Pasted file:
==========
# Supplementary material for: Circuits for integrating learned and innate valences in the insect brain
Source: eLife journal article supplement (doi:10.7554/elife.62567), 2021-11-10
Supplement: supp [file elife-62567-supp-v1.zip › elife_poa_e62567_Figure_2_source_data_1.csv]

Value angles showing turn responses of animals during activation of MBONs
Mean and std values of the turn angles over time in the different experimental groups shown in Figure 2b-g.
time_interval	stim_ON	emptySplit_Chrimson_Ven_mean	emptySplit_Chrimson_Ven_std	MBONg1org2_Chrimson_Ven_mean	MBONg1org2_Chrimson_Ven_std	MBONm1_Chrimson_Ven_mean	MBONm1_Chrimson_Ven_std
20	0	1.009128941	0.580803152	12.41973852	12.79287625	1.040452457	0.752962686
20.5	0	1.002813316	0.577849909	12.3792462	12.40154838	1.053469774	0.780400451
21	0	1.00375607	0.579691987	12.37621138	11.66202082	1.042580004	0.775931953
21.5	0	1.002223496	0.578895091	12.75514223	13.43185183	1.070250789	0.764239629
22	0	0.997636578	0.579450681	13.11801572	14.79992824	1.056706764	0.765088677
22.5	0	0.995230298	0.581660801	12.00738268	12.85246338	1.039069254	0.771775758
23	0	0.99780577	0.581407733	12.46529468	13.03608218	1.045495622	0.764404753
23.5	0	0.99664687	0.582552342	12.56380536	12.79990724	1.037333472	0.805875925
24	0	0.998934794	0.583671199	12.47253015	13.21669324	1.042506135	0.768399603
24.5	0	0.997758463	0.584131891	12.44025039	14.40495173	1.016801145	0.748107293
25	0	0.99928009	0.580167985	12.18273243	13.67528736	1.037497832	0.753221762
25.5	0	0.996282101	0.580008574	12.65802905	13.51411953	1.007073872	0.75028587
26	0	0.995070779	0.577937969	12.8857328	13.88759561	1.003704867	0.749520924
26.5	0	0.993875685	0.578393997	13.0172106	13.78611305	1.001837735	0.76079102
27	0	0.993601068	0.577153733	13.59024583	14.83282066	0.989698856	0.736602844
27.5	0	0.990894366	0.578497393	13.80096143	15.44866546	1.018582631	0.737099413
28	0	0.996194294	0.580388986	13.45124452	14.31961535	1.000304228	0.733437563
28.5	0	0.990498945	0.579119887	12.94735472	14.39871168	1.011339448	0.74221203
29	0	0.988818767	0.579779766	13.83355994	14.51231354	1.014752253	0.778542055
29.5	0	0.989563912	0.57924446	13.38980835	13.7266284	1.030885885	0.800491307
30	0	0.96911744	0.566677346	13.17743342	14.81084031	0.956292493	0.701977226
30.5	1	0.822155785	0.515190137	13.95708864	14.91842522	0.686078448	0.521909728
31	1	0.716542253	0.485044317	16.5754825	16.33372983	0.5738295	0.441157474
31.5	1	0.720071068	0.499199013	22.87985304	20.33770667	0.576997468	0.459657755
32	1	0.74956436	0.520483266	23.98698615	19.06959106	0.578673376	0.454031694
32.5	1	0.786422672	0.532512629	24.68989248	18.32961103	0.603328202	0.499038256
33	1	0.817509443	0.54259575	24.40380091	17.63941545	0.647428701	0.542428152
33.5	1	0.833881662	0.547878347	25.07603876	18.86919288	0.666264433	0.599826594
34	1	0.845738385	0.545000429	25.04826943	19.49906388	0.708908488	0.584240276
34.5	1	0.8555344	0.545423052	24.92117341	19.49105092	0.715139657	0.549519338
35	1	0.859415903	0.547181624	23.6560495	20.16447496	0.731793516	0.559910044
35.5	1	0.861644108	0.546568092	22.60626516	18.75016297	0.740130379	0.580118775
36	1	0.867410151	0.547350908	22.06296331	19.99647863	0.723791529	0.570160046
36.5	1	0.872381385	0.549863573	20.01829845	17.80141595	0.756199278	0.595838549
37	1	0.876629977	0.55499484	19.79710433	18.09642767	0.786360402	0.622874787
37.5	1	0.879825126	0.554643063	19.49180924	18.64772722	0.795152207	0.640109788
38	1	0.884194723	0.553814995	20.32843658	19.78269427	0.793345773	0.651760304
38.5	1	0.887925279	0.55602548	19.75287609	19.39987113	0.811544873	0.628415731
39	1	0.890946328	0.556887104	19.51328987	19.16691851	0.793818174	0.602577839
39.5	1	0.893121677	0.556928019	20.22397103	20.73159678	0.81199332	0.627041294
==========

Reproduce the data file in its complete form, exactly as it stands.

# Supplementary material for: Circuits for integrating learned and innate valences in the insect brain
Source: eLife journal article supplement (doi:10.7554/elife.62567), 2021-11-10
Supplement: supp [file elife-62567-supp-v1.zip › elife_poa_e62567_Figure_2_source_data_1.csv]

Value angles showing turn responses of animals during activation of MBONs
Mean and std values of the turn angles over time in the different experimental groups shown in Figure 2b-g.
time_interval	stim_ON	emptySplit_Chrimson_Ven_mean	emptySplit_Chrimson_Ven_std	MBONg1org2_Chrimson_Ven_mean	MBONg1org2_Chrimson_Ven_std	MBONm1_Chrimson_Ven_mean	MBONm1_Chrimson_Ven_std
20	0	1.009128941	0.580803152	12.41973852	12.79287625	1.040452457	0.752962686
20.5	0	1.002813316	0.577849909	12.3792462	12.40154838	1.053469774	0.780400451
21	0	1.00375607	0.579691987	12.37621138	11.66202082	1.042580004	0.775931953
21.5	0	1.002223496	0.578895091	12.75514223	13.43185183	1.070250789	0.764239629
22	0	0.997636578	0.579450681	13.11801572	14.79992824	1.056706764	0.765088677
22.5	0	0.995230298	0.581660801	12.00738268	12.85246338	1.039069254	0.771775758
23	0	0.99780577	0.581407733	12.46529468	13.03608218	1.045495622	0.764404753
23.5	0	0.99664687	0.582552342	12.56380536	12.79990724	1.037333472	0.805875925
24	0	0.998934794	0.583671199	12.47253015	13.21669324	1.042506135	0.768399603
24.5	0	0.997758463	0.584131891	12.44025039	14.40495173	1.016801145	0.748107293
25	0	0.99928009	0.580167985	12.18273243	13.67528736	1.037497832	0.753221762
25.5	0	0.996282101	0.580008574	12.65802905	13.51411953	1.007073872	0.75028587
26	0	0.995070779	0.577937969	12.8857328	13.88759561	1.003704867	0.749520924
26.5	0	0.993875685	0.578393997	13.0172106	13.78611305	1.001837735	0.76079102
27	0	0.993601068	0.577153733	13.59024583	14.83282066	0.989698856	0.736602844
27.5	0	0.990894366	0.578497393	13.80096143	15.44866546	1.018582631	0.737099413
28	0	0.996194294	0.580388986	13.45124452	14.31961535	1.000304228	0.733437563
28.5	0	0.990498945	0.579119887	12.94735472	14.39871168	1.011339448	0.74221203
29	0	0.988818767	0.579779766	13.83355994	14.51231354	1.014752253	0.778542055
29.5	0	0.989563912	0.57924446	13.38980835	13.7266284	1.030885885	0.800491307
30	0	0.96911744	0.566677346	13.17743342	14.81084031	0.956292493	0.701977226
30.5	1	0.822155785	0.515190137	13.95708864	14.91842522	0.686078448	0.521909728
31	1	0.716542253	0.485044317	16.5754825	16.33372983	0.5738295	0.441157474
31.5	1	0.720071068	0.499199013	22.87985304	20.33770667	0.576997468	0.459657755
32	1	0.74956436	0.520483266	23.98698615	19.06959106	0.578673376	0.454031694
32.5	1	0.786422672	0.532512629	24.68989248	18.32961103	0.603328202	0.499038256
33	1	0.817509443	0.54259575	24.40380091	17.63941545	0.647428701	0.542428152
33.5	1	0.833881662	0.547878347	25.07603876	18.86919288	0.666264433	0.599826594
34	1	0.845738385	0.545000429	25.04826943	19.49906388	0.708908488	0.584240276
34.5	1	0.8555344	0.545423052	24.92117341	19.49105092	0.715139657	0.549519338
35	1	0.859415903	0.547181624	23.6560495	20.16447496	0.731793516	0.559910044
35.5	1	0.861644108	0.546568092	22.60626516	18.75016297	0.740130379	0.580118775
36	1	0.867410151	0.547350908	22.06296331	19.99647863	0.723791529	0.570160046
36.5	1	0.872381385	0.549863573	20.01829845	17.80141595	0.756199278	0.595838549
37	1	0.876629977	0.55499484	19.79710433	18.09642767	0.786360402	0.622874787
37.5	1	0.879825126	0.554643063	19.49180924	18.64772722	0.795152207	0.640109788
38	1	0.884194723	0.553814995	20.32843658	19.78269427	0.793345773	0.651760304
38.5	1	0.887925279	0.55602548	19.75287609	19.39987113	0.811544873	0.628415731
39	1	0.890946328	0.556887104	19.51328987	19.16691851	0.793818174	0.602577839
39.5	1	0.893121677	0.556928019	20.22397103	20.73159678	0.81199332	0.627041294